Dan Naden

Clear Your Mind by Writing It Out

Ever have a problem? Sure, we’ve all had our share of blocks. Perhaps you take various routes to solving your woes. Some may scream loud enough to rustle birds from trees. Others many punch a wall, thinking that anger and knifing pain will clear up a struggle.

Talking to a friend is always good medicine. No matter how unique and specific our ailment, there are others, probably close friends and family, who’ve hit a similar roadblock.

Prayer is a solid approach. Putting your fears and frustrations into the hands of a higher power could be just what you need to get unstuck.

Getting the problem on paper makes it real – and solvable.

What’s worked for me? Writing. The old fashioned way on a piece of paper. Turn off the devices for 15 minutes and try answering the following questions:

  • What the problem? Be as specific as you can – get it all out on paper in as much detail as you’d like. Don’t hold back.
  • How can you solve this problem? Spill every possible solution onto the page. List out every angle – even the most far-fetched, ‘out there’ approaches. If you are lucky, the most reasonable and effective solution will jump to the forefront. If not, keep getting the solutions on paper until the right one appears.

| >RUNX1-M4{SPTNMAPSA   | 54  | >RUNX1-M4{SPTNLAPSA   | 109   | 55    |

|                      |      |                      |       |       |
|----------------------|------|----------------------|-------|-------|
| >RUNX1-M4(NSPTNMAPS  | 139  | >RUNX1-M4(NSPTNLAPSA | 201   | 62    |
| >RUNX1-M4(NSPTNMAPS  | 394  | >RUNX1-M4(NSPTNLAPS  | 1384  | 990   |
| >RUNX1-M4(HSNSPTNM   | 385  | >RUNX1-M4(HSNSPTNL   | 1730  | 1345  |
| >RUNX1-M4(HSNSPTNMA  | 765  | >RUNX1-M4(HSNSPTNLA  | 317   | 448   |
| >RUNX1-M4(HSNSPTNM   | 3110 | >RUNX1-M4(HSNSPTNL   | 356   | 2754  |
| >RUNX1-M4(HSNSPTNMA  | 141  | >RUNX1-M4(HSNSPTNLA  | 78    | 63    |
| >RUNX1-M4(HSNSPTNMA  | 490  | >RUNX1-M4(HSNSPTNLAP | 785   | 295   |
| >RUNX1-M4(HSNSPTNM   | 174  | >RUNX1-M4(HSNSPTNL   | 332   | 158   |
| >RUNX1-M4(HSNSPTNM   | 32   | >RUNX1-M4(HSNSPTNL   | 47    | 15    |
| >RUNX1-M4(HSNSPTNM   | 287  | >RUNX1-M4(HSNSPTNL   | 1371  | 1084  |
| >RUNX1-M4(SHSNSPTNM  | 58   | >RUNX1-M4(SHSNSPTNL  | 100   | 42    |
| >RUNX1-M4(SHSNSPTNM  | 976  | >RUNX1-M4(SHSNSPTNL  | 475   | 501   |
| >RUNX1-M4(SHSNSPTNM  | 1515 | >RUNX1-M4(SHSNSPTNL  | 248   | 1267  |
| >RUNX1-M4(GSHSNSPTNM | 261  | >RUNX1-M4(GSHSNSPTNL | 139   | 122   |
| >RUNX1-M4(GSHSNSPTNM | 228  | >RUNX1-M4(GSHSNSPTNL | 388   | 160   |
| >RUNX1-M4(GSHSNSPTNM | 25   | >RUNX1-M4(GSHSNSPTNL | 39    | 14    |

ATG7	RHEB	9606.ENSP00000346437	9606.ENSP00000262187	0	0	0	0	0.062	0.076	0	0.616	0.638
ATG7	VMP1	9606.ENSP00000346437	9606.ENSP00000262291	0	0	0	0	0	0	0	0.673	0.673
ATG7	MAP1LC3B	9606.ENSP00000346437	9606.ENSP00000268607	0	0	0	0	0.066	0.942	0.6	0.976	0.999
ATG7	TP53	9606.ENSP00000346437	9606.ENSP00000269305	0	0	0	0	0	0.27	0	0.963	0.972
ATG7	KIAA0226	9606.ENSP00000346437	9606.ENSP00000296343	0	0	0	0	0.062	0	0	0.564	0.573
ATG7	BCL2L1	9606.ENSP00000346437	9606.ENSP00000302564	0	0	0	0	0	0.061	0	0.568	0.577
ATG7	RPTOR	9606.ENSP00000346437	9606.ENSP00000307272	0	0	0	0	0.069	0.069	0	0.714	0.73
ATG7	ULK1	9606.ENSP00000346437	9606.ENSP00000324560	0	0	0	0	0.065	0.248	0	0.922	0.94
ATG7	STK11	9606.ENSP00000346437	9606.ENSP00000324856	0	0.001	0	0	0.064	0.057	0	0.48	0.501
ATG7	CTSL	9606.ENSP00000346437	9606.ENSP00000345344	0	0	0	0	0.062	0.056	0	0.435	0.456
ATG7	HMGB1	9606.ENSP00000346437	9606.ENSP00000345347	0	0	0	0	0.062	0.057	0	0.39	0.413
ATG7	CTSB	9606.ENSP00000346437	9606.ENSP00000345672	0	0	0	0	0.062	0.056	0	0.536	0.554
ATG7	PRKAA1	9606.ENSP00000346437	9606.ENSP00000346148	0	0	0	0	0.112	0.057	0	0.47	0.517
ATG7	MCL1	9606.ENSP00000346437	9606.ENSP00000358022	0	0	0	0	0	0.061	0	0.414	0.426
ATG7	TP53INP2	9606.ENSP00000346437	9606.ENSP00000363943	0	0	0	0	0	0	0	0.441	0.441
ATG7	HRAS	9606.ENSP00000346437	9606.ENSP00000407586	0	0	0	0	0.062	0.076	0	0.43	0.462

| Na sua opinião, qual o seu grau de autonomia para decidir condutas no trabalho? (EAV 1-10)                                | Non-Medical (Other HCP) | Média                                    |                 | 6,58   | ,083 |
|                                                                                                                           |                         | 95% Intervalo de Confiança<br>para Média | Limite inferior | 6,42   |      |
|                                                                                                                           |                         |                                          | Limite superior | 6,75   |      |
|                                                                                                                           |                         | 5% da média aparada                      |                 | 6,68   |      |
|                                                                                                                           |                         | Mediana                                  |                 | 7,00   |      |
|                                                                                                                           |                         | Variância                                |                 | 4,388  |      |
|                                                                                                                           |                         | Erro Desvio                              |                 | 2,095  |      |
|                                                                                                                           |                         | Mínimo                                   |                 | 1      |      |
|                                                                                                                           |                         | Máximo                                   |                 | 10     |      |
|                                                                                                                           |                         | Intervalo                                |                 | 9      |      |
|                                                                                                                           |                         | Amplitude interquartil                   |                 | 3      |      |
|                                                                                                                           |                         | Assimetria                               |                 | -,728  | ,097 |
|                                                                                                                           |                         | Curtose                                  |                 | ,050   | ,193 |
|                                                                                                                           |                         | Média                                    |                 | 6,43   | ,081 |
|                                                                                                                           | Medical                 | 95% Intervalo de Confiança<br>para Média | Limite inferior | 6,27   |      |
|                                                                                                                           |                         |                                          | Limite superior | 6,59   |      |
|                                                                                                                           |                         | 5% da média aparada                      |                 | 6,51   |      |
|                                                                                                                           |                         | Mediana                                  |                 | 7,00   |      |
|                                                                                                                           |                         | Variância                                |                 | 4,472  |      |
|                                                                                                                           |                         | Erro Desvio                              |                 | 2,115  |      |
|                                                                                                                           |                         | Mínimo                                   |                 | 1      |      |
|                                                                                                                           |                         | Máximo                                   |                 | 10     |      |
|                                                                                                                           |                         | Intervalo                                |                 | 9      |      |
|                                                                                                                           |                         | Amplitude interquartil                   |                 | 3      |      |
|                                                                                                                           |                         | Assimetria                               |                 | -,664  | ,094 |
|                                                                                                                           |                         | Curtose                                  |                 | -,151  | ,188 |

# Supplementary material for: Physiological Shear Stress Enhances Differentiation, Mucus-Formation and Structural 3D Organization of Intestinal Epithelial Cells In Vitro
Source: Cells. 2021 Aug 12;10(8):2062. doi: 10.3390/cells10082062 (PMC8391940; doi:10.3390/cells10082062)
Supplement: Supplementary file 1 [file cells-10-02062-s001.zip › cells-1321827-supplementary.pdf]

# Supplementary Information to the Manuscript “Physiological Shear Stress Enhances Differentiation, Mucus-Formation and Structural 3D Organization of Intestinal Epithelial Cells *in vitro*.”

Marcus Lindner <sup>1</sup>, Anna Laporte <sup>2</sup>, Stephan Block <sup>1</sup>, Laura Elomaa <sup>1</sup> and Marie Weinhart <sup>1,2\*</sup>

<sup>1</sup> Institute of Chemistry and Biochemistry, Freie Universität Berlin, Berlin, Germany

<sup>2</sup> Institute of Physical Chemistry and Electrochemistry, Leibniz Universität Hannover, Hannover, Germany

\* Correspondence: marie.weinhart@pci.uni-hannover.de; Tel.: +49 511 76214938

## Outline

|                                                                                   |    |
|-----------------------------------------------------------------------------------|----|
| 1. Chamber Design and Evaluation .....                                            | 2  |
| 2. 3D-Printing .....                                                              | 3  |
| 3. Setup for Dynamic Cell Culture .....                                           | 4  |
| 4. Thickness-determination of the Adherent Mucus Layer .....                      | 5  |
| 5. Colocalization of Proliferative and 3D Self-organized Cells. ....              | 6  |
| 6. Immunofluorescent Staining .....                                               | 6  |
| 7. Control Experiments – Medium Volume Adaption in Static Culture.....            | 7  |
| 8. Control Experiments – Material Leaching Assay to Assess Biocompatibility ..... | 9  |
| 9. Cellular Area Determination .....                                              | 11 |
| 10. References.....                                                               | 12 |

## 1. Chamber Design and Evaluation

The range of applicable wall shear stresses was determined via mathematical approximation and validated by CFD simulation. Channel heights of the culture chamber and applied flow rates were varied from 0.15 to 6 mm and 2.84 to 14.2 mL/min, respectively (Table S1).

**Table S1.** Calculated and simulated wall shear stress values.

So let’s try this?

  • What’s the problem? I used to be an avid reader. Now, it’s been years since I read my last book. I want to read more books.
  • How can you solve this problem?
    • Sleep less
    • Read over my lunch break at work
    • Curb social media and use the time to read
    • Join a Book Club, a group of people might help me stay accountable
    • Stop watching late-night television shows
    • Take public transportation to work and read while in transit
    • Give up a few other ‘hobbies’ (playing piano, watching football, playing fantasy football) and dedicate that time to reading

You get the idea. This list could get longer. Problems become real, manageable and solvable when you get them out in the open. When you write, everything’s out in the open – and it’s refreshing to see how many options you really have to solve the gnarliest, thorniest problem. So what you are waiting for? Your notebook is open and there are a few open pages. Start problem-solving now.

Until next time,

Dan Naden

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